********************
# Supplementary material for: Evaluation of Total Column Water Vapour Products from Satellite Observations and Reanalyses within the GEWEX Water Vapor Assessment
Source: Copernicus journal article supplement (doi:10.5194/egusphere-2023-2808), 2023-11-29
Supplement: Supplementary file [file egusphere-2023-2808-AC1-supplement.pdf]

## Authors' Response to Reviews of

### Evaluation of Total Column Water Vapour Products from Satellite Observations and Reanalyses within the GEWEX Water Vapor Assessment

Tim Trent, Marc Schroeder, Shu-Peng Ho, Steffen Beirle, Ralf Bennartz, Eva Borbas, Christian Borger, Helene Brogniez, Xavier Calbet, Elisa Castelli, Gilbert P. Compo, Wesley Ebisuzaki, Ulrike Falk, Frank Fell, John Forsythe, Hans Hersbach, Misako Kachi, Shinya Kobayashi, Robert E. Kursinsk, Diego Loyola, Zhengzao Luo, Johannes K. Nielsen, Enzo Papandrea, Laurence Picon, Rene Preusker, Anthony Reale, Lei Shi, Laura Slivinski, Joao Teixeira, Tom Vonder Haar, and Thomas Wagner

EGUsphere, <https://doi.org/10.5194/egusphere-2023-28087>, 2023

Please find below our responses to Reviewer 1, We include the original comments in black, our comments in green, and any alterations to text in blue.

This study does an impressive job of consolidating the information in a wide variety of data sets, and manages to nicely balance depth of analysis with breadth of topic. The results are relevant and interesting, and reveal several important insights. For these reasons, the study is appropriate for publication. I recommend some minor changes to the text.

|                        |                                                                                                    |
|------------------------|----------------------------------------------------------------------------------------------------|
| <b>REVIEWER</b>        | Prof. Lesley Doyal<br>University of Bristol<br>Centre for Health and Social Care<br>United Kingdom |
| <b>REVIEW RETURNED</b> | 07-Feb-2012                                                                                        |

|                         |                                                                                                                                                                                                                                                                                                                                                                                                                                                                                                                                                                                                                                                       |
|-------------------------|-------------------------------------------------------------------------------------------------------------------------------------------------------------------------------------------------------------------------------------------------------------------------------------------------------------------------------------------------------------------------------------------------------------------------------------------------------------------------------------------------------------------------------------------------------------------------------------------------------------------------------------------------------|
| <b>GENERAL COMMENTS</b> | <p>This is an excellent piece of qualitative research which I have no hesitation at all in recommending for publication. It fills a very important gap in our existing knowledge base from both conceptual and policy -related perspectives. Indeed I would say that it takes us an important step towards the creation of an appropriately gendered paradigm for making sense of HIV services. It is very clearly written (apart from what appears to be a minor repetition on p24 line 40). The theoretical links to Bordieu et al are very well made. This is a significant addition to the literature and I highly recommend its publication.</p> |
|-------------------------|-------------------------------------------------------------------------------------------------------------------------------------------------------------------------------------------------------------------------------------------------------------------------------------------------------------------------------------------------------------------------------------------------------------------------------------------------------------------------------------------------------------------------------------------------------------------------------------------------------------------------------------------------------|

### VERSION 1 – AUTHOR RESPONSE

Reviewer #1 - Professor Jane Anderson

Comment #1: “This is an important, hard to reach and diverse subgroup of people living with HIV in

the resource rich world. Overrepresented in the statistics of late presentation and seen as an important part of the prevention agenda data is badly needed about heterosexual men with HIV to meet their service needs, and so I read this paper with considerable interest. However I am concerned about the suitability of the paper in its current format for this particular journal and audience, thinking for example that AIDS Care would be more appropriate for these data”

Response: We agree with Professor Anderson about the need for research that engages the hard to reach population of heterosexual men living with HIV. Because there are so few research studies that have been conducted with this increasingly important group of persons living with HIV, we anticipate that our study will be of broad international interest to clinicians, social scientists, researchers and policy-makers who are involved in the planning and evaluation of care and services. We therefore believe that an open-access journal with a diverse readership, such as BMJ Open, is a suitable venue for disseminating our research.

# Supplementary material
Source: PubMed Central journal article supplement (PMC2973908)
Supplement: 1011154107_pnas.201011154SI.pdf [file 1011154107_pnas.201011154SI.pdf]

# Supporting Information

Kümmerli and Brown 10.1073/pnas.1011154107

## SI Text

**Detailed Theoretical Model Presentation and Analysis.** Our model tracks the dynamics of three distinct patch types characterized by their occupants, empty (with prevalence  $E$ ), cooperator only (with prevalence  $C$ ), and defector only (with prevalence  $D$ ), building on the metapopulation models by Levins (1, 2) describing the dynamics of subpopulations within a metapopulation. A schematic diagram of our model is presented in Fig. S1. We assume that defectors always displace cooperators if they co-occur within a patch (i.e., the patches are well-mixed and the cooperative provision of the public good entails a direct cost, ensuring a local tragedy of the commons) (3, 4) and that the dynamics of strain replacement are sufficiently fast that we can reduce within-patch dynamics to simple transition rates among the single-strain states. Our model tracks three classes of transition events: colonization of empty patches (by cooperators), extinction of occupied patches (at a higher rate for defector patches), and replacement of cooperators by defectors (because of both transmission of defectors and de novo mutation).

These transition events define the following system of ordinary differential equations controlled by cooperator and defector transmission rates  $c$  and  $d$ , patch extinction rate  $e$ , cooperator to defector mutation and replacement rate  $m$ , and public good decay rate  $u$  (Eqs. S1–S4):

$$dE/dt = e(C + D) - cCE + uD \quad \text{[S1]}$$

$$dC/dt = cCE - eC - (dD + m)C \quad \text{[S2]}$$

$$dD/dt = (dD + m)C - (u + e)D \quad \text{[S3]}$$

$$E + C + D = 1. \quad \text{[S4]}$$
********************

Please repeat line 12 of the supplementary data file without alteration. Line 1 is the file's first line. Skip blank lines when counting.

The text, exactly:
| <b>REVIEWER</b>        | Prof. Lesley Doyal<br>University of Bristol<br>Centre for Health and Social Care<br>United Kingdom |